- Reminder day clocks have a large, easy-to-read screen that lists the day of the week, time of day, month and year.
Music and video favorites. Music can be a powerful source of joy and comfort for people with dementia. Another great option is a DVD of the person’s favorite movie or TV show. Ideas include:
- Apple Music, Netflix, Spotify or Google Play gift cards to help pay for a subscription or digital purchases.
- Amazon Echo is a voice-activated device that gives your loved one access to music as well as news and weather.
- Music therapy teddy bear is a plush, stuffed bear with an MP3 player so you can download your loved one’s favorite music.
NOTE: When creating playlists, focus on music that was popular when your loved one was 15–25 years old – a period when a lot of important life memories were being formed.
Books. While the ability to absorb complex plotlines or focus for long stretches decreases with memory loss, pleasure is still found in reading. Some specialized titles include:
- “The Sandy Shoreline” by Emma Rose Sparrow. Part of a series created for people with Alzheimer’s and other forms of dementia, it’s easy to read and includes one or two vivid color photos in each short chapter to offer visual cues.
- “A Day at the Beach” by Jamie Stonebridge. Other titles in this series include: “A Visit to the Farm,” “A Summer Walk,” and “A Day at the Park.” Each book features large text and photos that introduce every new chapter.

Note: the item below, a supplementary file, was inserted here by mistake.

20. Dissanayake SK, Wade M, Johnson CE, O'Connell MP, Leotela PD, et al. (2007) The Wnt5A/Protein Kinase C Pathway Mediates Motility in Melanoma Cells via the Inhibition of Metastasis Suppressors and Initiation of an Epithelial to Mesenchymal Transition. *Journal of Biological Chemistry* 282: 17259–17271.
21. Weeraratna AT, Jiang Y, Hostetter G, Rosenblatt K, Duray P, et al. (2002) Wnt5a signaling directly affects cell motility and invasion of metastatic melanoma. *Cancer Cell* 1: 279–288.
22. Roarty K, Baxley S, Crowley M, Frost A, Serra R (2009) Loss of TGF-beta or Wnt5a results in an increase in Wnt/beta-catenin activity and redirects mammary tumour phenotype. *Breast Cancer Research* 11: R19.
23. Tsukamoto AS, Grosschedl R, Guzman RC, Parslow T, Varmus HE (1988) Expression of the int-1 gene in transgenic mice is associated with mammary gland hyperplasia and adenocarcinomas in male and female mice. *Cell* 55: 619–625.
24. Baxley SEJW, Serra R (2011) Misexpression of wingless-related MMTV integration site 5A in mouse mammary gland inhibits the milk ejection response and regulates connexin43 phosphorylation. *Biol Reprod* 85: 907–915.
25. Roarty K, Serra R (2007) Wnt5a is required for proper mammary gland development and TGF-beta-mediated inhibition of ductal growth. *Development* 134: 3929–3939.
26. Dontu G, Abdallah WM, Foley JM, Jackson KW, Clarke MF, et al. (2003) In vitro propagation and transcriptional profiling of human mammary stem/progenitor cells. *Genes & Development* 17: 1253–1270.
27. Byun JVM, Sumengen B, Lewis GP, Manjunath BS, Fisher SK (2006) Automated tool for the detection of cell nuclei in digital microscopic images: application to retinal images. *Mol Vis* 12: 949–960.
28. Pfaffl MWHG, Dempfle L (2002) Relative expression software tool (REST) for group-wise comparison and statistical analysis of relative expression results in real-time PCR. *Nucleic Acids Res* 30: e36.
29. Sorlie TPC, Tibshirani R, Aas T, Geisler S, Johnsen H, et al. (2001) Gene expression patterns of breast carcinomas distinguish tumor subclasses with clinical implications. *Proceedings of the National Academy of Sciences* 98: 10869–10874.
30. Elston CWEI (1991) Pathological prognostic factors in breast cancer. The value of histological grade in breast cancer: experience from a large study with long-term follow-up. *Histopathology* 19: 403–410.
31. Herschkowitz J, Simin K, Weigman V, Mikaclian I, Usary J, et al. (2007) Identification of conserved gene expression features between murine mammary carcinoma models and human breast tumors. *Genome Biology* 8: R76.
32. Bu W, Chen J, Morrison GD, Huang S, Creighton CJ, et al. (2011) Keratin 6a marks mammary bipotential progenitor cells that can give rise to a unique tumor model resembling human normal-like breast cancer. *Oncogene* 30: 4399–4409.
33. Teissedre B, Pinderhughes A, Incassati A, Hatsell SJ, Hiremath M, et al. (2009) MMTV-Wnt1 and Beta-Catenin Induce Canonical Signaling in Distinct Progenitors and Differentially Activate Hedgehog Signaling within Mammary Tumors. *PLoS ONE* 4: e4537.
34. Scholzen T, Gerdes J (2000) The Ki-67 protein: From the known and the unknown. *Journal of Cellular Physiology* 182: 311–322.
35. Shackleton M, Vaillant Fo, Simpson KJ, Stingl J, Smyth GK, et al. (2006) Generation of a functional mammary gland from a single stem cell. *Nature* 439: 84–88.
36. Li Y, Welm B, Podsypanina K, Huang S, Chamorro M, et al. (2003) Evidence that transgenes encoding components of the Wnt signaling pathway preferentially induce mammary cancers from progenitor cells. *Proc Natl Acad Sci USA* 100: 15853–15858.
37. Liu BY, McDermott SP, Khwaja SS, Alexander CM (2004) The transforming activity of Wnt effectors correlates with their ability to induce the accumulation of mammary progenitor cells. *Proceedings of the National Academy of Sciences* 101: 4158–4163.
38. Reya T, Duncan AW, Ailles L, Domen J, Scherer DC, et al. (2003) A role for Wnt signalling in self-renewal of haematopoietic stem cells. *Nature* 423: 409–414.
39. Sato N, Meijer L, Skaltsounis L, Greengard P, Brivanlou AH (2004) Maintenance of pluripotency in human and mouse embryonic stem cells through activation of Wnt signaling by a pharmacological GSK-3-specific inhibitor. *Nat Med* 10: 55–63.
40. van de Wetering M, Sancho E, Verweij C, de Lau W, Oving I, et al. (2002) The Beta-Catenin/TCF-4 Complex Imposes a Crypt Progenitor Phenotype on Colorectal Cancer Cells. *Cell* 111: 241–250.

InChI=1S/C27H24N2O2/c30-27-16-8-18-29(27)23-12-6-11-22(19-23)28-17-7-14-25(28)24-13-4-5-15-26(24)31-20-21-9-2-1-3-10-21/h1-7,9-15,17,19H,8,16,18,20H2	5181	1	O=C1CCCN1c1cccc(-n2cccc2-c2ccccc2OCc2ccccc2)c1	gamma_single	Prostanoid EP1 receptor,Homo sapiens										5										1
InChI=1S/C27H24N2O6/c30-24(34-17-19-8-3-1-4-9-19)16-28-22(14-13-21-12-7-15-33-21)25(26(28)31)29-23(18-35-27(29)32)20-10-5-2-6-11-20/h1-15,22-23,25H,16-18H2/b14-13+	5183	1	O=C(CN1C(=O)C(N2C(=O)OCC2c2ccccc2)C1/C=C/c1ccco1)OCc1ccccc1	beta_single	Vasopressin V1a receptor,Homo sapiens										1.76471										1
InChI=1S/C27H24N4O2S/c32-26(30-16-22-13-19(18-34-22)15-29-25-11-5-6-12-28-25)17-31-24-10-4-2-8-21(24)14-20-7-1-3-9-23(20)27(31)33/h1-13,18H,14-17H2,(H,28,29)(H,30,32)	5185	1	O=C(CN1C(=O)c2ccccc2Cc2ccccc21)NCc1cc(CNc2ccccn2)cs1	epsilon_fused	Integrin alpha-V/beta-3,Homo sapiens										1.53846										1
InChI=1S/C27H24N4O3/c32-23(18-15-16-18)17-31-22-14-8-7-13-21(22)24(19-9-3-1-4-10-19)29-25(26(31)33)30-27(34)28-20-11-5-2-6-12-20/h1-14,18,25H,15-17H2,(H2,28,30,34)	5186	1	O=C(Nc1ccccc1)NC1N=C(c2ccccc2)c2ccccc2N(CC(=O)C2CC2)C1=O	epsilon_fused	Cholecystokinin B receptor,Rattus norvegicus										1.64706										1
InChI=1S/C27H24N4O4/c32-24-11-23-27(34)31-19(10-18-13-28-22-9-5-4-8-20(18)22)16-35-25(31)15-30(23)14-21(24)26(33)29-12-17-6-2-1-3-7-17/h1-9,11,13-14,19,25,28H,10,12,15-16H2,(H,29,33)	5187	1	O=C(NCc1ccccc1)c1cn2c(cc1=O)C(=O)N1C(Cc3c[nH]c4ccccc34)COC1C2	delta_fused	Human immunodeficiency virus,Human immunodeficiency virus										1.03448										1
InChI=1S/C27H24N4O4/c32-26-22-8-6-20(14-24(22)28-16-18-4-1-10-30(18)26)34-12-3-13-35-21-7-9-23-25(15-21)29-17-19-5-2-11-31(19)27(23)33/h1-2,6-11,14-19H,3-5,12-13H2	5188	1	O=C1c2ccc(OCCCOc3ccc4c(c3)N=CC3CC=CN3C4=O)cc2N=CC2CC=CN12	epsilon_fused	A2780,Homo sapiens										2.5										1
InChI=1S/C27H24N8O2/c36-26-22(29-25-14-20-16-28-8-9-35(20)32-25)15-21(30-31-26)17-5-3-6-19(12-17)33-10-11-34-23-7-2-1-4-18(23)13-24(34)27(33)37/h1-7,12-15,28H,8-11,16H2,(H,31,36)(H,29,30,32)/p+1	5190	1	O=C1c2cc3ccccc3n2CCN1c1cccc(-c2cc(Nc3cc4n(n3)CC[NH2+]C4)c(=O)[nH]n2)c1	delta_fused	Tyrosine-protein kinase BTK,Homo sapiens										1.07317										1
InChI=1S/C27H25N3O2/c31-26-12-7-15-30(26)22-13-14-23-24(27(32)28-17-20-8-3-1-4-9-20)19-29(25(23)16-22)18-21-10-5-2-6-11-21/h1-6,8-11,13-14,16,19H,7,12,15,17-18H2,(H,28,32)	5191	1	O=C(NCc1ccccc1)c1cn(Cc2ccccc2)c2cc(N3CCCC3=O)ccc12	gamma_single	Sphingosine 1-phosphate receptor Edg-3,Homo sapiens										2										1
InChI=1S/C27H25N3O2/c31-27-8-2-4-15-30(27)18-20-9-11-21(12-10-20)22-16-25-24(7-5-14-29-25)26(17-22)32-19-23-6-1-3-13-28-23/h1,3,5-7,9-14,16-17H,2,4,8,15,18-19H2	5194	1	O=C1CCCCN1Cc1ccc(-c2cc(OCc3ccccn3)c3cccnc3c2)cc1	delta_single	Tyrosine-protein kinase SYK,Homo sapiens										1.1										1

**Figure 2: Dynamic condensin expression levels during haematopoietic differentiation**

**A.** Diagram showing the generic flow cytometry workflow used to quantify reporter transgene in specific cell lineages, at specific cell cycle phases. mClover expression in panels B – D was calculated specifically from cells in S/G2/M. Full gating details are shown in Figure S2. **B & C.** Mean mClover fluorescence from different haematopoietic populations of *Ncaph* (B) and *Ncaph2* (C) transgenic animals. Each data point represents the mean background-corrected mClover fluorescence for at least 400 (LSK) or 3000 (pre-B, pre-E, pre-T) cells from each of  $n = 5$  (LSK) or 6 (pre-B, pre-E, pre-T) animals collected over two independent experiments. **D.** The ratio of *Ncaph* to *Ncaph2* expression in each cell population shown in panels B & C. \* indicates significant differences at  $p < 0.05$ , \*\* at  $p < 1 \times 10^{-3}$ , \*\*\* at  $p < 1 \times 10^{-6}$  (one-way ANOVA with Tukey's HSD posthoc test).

- The Memory Lane series. Each volume covers a topic from the lives of older adults: the 1940s, 1950s, 1960s, movies, and other cultural histories.
- “I Remember the Seasons” by Brenda Poulos. Revisiting pleasant experiences serves as a bridge to days gone by – building snowmen, going for hayrides, raking leaves and other past activities.
General gift ideas
- Aquapaint is an innovative take on watercolor painting that allows your loved one to create a beautiful picture by simply brushing the ‘white’ sheet with water. As the water slowly evaporates, the image dissolves, leaving a clean slate that’s ready to be used all over again.
- Scrapbook and photo albums are a great way to preserve memories and can spark conversations.
- Comfy clothes can help people living with dementia who struggle with getting dressed. Look for items that are easy to put on like cardigan sweaters with large zippers, pants with an elastic waist, and slip-on shoes.
- A weighted blanket can provide comforting pressure that lessens agitation or stress.
- Therapy robo-pets can have a calming, soothing effect and bring your loved one back to a time in their life when they were responsible for taking care of someone else.
Give the Gift of Safety, Care and Respect
At Freedom Village Bradenton, we offer an innovative approach called Heartfelt CONNECTIONS – A Memory Care Program®. This nationally recognized program celebrates each resident’s remaining abilities, rather than focusing on what has been lost. Through person-centered, activity-based interaction, residents of our community find fulfillment and feel their inherent value.